UN science report to provide stark climate warning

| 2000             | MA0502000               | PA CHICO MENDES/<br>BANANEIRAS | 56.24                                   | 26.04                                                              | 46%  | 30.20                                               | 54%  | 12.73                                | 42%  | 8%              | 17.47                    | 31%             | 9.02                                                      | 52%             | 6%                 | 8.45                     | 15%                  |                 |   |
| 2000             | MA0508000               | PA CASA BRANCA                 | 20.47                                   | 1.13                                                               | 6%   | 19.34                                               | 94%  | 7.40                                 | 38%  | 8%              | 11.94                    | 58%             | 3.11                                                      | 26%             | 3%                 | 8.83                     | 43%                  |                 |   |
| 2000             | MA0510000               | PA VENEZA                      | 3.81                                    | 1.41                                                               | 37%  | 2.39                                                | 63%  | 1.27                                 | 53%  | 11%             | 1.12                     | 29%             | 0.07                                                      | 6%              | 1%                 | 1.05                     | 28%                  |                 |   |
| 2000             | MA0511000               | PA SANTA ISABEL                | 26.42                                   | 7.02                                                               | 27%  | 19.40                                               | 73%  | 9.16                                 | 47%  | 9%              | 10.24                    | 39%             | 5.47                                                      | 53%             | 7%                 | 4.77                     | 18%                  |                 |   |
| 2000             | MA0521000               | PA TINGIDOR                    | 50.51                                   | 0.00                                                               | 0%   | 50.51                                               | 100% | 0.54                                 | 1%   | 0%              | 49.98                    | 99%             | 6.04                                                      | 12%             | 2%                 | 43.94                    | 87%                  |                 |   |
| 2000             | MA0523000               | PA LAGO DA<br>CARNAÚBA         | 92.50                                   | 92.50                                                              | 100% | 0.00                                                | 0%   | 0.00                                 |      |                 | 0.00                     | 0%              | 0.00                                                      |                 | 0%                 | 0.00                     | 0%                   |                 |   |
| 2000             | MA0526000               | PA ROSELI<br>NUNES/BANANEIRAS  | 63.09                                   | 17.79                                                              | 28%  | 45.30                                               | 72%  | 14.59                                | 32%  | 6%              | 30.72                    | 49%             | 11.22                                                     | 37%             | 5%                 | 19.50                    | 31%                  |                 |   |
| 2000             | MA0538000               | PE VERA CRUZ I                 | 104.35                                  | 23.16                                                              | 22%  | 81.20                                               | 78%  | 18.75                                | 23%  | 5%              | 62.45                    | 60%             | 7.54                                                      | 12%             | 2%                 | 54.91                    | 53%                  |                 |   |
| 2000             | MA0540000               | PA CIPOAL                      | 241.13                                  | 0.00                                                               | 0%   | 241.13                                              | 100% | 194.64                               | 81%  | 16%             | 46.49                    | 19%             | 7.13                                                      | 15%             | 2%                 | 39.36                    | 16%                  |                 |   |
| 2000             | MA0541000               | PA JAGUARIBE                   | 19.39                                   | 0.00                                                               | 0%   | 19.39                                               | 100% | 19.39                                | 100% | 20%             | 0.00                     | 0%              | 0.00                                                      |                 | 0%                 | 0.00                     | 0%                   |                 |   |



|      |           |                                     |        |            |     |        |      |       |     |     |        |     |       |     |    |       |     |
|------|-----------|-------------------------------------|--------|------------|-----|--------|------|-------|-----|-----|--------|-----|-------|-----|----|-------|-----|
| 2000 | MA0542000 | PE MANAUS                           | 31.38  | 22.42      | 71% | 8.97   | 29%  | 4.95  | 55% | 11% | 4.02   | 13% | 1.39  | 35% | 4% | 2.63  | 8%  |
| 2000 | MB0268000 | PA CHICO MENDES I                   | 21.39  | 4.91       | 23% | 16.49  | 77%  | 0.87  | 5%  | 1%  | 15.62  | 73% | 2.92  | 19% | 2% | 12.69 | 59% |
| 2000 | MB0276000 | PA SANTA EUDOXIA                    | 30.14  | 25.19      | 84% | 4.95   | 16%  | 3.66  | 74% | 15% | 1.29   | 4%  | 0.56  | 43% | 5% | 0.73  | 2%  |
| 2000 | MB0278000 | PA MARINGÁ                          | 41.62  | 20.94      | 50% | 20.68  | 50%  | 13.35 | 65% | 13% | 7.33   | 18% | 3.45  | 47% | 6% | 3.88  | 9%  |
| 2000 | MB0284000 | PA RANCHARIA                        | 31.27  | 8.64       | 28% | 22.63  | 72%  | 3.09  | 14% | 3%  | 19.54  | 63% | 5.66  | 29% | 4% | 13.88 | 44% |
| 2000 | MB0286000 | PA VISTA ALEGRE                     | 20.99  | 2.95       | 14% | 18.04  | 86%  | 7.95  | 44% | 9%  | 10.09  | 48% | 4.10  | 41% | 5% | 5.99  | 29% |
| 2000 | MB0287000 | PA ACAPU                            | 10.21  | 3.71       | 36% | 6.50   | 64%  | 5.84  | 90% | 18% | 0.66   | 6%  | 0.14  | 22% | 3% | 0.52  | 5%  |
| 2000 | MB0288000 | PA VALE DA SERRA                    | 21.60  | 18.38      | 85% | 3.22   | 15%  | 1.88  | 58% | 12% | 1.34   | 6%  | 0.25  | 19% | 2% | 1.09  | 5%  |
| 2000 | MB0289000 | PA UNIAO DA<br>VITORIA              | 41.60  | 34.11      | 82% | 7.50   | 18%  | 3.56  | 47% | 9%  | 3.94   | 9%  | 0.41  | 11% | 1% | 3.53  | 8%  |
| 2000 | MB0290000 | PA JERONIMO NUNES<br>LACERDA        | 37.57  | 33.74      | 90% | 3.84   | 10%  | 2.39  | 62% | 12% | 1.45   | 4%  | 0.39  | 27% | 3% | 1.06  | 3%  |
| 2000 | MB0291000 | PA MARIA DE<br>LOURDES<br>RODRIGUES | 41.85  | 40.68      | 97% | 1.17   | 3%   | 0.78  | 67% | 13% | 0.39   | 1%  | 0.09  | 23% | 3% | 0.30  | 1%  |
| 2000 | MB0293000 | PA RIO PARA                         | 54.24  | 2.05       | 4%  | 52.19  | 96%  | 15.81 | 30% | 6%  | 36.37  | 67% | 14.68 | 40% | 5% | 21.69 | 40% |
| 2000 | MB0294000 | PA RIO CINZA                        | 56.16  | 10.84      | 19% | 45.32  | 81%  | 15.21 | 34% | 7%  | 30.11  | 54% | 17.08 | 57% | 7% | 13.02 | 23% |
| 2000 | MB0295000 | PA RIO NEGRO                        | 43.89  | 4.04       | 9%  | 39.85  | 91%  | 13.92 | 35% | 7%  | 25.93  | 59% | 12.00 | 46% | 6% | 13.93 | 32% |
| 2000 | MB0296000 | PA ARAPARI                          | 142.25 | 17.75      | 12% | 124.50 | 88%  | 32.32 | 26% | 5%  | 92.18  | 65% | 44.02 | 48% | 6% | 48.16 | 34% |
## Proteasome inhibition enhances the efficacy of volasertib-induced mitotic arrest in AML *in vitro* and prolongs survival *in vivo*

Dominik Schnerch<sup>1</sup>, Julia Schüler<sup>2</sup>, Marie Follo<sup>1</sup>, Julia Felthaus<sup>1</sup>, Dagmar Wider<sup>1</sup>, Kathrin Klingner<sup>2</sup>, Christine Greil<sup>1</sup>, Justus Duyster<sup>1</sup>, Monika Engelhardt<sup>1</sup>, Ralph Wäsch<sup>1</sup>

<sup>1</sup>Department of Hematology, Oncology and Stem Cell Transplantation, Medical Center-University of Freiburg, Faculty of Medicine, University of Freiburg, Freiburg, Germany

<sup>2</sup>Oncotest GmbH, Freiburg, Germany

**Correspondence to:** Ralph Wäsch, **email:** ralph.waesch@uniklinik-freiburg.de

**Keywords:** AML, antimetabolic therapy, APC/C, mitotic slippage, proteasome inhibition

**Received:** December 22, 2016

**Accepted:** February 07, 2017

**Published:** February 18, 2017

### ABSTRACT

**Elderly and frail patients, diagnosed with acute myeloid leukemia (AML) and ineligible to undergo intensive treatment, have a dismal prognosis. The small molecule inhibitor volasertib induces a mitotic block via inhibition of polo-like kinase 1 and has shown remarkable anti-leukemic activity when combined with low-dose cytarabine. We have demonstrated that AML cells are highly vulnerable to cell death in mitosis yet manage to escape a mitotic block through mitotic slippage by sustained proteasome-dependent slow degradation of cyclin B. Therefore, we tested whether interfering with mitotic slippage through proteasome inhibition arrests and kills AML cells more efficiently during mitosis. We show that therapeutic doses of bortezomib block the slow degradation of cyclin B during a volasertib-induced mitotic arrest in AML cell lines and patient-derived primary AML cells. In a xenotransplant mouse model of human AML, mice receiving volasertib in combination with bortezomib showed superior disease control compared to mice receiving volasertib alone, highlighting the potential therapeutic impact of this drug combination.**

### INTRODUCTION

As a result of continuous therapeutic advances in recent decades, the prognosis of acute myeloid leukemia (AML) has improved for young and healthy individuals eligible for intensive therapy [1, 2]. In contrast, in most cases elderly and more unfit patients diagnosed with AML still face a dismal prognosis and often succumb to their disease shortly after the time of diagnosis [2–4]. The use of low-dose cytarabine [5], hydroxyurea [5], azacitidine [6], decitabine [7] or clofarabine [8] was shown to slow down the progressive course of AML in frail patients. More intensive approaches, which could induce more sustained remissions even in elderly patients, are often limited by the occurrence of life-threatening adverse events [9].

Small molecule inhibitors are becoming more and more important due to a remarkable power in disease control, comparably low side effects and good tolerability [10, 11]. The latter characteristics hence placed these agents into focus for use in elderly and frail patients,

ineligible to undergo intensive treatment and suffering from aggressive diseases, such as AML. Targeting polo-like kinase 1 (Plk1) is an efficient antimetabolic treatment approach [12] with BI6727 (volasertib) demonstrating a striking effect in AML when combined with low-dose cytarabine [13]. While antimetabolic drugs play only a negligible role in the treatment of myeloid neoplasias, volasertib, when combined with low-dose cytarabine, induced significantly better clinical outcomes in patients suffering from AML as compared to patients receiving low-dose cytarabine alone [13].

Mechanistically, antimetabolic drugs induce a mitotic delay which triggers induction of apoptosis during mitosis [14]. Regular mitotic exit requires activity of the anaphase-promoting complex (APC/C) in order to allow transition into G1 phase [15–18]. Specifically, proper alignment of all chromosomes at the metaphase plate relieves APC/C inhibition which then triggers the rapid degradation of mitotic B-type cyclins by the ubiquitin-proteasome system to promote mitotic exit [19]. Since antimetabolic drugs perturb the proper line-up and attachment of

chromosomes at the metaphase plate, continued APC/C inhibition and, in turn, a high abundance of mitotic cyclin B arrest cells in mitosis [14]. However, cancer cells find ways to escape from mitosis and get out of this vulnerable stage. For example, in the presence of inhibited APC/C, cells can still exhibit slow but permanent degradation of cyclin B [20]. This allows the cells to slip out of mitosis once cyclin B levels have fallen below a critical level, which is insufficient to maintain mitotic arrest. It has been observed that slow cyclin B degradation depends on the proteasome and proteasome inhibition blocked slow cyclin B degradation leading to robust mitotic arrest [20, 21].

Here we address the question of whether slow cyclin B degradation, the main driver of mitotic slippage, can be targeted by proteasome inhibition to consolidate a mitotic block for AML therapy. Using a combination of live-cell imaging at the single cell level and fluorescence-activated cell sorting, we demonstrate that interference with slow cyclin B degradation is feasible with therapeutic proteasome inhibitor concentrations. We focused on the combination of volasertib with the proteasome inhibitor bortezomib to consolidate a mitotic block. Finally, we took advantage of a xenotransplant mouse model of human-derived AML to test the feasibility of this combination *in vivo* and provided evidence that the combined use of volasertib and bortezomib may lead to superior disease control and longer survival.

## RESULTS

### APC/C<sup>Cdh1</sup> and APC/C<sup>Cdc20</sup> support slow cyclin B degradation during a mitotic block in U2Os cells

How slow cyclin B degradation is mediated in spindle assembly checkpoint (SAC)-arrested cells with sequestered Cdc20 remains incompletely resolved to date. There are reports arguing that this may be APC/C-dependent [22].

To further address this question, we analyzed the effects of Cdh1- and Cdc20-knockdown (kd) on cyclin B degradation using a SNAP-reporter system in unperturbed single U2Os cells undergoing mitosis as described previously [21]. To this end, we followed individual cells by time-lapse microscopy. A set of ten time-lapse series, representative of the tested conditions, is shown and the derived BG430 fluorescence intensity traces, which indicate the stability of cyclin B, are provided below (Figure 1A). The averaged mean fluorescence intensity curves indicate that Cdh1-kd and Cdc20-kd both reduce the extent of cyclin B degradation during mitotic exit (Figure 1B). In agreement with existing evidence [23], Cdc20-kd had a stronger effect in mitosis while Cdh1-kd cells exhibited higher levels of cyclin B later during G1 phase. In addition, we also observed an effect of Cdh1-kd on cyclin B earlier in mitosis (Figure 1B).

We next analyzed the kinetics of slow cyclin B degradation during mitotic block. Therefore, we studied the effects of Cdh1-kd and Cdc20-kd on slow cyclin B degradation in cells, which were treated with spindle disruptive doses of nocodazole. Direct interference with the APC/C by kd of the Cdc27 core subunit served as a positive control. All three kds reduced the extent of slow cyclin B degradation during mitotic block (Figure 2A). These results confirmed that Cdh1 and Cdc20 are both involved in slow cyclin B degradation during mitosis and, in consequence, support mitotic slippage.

A major new United Nations report being released Monday is expected to provide a sobering reminder that time is running out if humanity wants to avoid passing a dangerous global warming threshold. The report by hundreds of the world’s top scientists is the capstone on a series that summarizes the research on global warming compiled since the Paris climate accord was agreed in 2015. It was approved by countries at the end of a week-long meeting of the United Nations’ Intergovernmental Panel on Climate Change report in the Swiss town of Interlaken, meaning governments have accepted its findings as authoritative advice on which to base their actions. Also Read: UN ocean treaty talks resume with goal to save biodiversity At the start of the meeting U.N. Secretary-General Antonio Guterres warned delegates that the planet is “ nearing the point of no return ” and they risk missing the internationally agreed limit of 1.5 degrees Celsius (2.7 Fahrenheit) of global warming since pre-industrial times. That's because global emissions of carbon dioxide and other greenhouse gases keep increasing — mainly due to the burning of fossil fuels, deforestation and intensive agriculture — when in fact they need to decline quickly. Governments agreed in Paris almost eight years ago to try to limit temperature rise to 1.5 C or at least keep it well below 2 C (3.6 F). Since then scientists have increasingly argued that any warming beyond the lower threshold would put humanity at dire risk. Average global temperatures have already increased by 1.1 degrees Celsius (2 degrees Fahrenheit) since the 19th century, but Guterres insisted last week that the 1.5 C target limit remains possible "with rapid and deep emissions reductions across all sectors of the global economy.” Monday's report comes after the IPCC made clear two years ago that climate change is clearly caused by human activity and refined its predictions for a range of possible scenarios depending on how much greenhouse gas continues to be released. The following year it published a report concluding that the impacts of global warming are already being felt and nearly half the world's population are "highly vulnerable to climate change.” Two months later it laid out what needs to be done to reduce the harm from warming that's already inevitable and prevent a further dangerous rise in temperatures; the sharp drop in cost of solar and wind power would make that easier, it noted. Three further special reports by the IPCC focused on the oceans, land and 1.5-degree target. The next round of reports won't be published until the second half of this decade, by when experts say it could be too late to take further measures allowing that ambitious goal to still be met. Governments agreed at last year's climate summit in Egypt to create a fund to help pay for the damage that a warming planet is inflicting on vulnerable countries, but failed to commit to new measures for reducing greenhouse gas emissions. The new synthesis report published Monday will play a pivotal role when governments gather in Dubai in December for this year's U.N. climate talks. The meeting will be the first to take stock of global efforts to cut emissions since the Paris deal, and hear calls from poorer nations seeking more aid. Guterres, the U.N. chief, recently argued that fossil fuel companies should hand over some of their vast profits to help victims of climate change.